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Supreme Court Weighs Solar Power Measure Big Utilities Want Unplugged From 2016 Ballot

| August 31, 2015

solar power monopolies ballot constitutional amendment

want to end big utilities monopolies on solar power. Big utilities are objecting. (Seth Anderson)

Backers of a proposed constitutional amendment to expand the use of solar energy say it might be four years before they would again seek voter approval if the current ballot language is rejected by the Florida Supreme Court.

But Leaders of Floridians for Solar Choice, which is seeking to allow businesses to generate and sell small amounts of solar power to customers on the same or neighboring properties, expressed confidence during a media conference Monday that the state’s top court will sign off on the proposed amendment for the November 2016 ballot.

The Supreme Court will hear arguments Tuesday, a critically important step in the constitutional amendment process. Supporters of the initiative acknowledge there would not be enough time to restart a petition drive to get on next year’s ballot if a court ruling, which may not come for up to 60 days, rejects the proposed language.

And with a desire to time the initiative with the presidential-election calendar, which traditionally brings out more voters, the proposal may have to wait until 2020.

“We would have to evaluate that,” Stephen Smith, executive director of the Southern Alliance for Clean Energy, said after the media event at the Florida Press Center. “I always think you want to run one of these things in a presidential year, because you have a larger turnout and a whole different demographic.”

The Southern Alliance for Clean Energy is the biggest backer of Floridians for Solar Choice.

Smith and Tory Perfetti, chairman of Floridians for Solar Choice, are also dubious about getting state lawmakers to agree to put such a ballot imitative before voters in 2016 or even 2018 due to the influence of the state’s largest power companies.

After hearing arguments Tuesday, the court will have to decide if the ballot language is limited to a single subject, the wording is unambiguous and that the summary meets a 75-word limit.

Opponents of the proposal are expected to argue, at least in part, the measure lacks regulatory oversight.

“The way I read their amendment is that there will be a constitutional exemption from regulation,” Matthew Carter, a leader of Consumers for Smart Solar and a former Public Service Commission chairman, said Monday. “For example, let’s say you have a billing problem, let’s say you have a customer service issue, there are protections now. For lower systems, you have local government. For major systems, you have the PSC.”

Opponents, including the state’s major electric utilities and Attorney General Pam Bondi, also have described the ballot summary as “vague” and “misleading,” claiming it fails to disclose the impact on local-government revenue sources.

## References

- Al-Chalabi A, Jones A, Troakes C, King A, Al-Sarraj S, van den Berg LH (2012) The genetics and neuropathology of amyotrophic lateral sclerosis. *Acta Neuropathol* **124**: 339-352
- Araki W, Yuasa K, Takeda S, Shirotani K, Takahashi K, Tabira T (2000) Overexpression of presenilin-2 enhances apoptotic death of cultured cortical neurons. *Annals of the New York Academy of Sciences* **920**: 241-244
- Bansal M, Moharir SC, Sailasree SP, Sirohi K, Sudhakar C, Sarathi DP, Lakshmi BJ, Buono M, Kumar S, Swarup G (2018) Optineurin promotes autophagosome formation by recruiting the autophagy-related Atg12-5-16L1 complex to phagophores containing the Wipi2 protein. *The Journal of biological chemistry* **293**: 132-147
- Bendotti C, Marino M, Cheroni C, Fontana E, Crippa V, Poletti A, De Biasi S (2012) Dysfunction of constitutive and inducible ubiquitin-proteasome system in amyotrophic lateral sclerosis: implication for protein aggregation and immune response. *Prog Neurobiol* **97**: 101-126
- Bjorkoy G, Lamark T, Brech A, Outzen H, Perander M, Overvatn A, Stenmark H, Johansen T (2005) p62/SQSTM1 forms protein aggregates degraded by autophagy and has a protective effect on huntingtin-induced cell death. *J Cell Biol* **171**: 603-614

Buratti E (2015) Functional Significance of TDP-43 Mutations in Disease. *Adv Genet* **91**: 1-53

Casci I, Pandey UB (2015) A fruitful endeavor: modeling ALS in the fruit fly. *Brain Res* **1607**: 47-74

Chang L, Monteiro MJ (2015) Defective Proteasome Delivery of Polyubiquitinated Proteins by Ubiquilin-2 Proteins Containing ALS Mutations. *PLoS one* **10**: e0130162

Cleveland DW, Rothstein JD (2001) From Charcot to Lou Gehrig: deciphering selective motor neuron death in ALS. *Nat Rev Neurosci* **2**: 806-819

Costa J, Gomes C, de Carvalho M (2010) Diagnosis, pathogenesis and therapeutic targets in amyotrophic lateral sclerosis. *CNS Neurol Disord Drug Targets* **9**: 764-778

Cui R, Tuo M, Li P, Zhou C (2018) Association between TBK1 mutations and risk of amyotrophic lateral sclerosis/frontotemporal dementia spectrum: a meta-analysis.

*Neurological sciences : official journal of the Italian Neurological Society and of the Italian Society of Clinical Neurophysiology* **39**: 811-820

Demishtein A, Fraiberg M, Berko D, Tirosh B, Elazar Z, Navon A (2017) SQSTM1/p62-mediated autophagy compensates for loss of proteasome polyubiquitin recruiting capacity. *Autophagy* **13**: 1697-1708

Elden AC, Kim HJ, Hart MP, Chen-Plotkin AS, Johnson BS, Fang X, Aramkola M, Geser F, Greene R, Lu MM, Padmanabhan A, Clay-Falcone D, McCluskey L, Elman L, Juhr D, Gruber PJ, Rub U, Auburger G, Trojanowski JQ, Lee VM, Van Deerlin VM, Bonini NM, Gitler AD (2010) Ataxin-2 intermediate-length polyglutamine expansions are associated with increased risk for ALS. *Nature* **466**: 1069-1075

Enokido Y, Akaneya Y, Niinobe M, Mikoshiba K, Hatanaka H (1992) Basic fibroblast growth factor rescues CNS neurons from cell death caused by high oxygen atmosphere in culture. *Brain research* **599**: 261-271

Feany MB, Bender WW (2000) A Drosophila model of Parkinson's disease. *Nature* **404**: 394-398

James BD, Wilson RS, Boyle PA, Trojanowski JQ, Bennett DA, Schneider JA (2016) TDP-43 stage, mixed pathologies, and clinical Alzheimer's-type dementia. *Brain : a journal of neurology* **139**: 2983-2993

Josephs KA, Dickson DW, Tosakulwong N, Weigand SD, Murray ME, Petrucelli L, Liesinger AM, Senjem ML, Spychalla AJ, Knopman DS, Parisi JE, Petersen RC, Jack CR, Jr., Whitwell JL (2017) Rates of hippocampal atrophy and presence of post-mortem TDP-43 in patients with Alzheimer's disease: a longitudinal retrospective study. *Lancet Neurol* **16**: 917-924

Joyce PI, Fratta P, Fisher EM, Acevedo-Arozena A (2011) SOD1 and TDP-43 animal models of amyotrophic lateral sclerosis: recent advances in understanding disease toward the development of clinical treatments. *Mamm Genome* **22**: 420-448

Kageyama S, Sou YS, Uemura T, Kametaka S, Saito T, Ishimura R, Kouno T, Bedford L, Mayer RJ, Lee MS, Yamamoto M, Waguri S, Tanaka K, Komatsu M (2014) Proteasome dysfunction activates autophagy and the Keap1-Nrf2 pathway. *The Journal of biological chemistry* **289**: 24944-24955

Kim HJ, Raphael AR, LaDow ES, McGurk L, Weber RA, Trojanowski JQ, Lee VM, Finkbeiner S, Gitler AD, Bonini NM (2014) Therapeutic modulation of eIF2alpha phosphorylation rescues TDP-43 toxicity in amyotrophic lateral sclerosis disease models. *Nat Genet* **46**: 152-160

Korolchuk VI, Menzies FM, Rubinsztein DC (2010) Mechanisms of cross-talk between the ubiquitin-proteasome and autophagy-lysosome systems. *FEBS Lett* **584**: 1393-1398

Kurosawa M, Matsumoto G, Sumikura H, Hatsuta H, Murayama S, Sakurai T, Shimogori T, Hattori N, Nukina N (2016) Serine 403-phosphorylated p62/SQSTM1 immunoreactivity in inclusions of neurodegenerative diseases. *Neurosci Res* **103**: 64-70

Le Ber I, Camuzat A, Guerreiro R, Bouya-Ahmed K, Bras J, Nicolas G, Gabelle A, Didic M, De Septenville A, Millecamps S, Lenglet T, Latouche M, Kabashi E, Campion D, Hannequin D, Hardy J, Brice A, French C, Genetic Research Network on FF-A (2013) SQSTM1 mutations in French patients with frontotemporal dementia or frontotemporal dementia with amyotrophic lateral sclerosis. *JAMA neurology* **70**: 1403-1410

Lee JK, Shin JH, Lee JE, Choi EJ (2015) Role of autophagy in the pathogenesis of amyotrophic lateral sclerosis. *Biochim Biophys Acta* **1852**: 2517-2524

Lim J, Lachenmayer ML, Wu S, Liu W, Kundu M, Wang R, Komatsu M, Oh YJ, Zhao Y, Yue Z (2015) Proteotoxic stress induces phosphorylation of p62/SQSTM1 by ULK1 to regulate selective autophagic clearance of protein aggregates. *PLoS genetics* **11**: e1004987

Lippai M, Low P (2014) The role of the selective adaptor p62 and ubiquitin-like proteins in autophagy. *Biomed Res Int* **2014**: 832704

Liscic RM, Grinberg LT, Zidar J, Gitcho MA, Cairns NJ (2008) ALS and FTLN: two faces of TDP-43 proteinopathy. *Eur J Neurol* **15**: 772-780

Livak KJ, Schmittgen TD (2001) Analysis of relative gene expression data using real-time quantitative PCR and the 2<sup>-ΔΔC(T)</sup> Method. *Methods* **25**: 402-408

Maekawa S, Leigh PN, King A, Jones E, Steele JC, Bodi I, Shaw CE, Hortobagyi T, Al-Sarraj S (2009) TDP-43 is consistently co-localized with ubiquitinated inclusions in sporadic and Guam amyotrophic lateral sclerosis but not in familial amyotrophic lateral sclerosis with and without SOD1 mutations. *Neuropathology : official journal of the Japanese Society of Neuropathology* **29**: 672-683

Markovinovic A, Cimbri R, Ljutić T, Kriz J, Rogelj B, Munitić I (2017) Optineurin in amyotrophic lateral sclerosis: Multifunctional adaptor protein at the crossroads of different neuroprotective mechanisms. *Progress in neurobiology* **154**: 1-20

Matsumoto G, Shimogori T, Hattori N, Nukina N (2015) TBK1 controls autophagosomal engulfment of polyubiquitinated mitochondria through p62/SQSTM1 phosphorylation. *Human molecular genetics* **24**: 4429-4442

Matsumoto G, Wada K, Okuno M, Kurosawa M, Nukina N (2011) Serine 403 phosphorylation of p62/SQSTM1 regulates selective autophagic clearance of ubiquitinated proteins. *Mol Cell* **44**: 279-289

The Floridians for Solar Choice amendment, in part, would allow businesses to generate and sell up to two megawatts of power to customers on the same or neighboring properties. Two megawatts have been estimated as providing the daily needs of a typical Wal-Mart or residential communities between 225 and 714 homes.

The ballot summary states the intent of the amendment: “Limits or prevents government and electric utility imposed barriers to supplying local solar electricity. Local solar electricity supply is the non-utility supply of solar generated electricity from a facility rated up to 2 megawatts to customers at the same or contiguous property as the facility. Barriers include government regulation of local solar electricity suppliers’ rates, service and territory, and unfavorable electric utility rates, charges, or terms of service imposed on local solar electricity customers.”

Florida Power & Light, Duke Energy, Tampa Electric Co. and Gulf Power have filed a joint brief that argues the “title and ballot summary improperly use political rhetoric, mislead the voter through substantive inconsistencies between the summary and text, and hide the ball by failing to disclose to voters the current state of the law of utility regulation and the sweeping changes this initiative would create.”

Bondi also filed a brief in opposition and said the measure, “as written, will leave voters uninformed and consumers vulnerable.”

“As a large and growing state, Florida needs a diverse energy portfolio that includes solar energy, however, the proposed constitutional amendment mandates major changes in existing law, using language that is unclear and misleading,” she said in a prepared statement in June.

As of Monday, the state Division of Elections had verified 121,107 of the 683,149 signatures needed by Floridians for Solar Choice to get on the November 2016 ballot. The signatures collected are good only toward the currently proposed language.

If the initiative gets on the ballot, it would need approval from 60 percent of voters to pass.

Consumers for Smart Solar also is proposing a ballot initiative that would allow Floridians with solar equipment on their properties to sell energy to power companies and “ensure that consumers who do not choose to install solar are not required to subsidize the costs of backup power and electric grid access to those who do.”

The state Division of Elections, as of Monday, had received 1,073 valid petition signatures for the Consumers for Smart Solar proposal.

–Jim Turner, News Service of Florida

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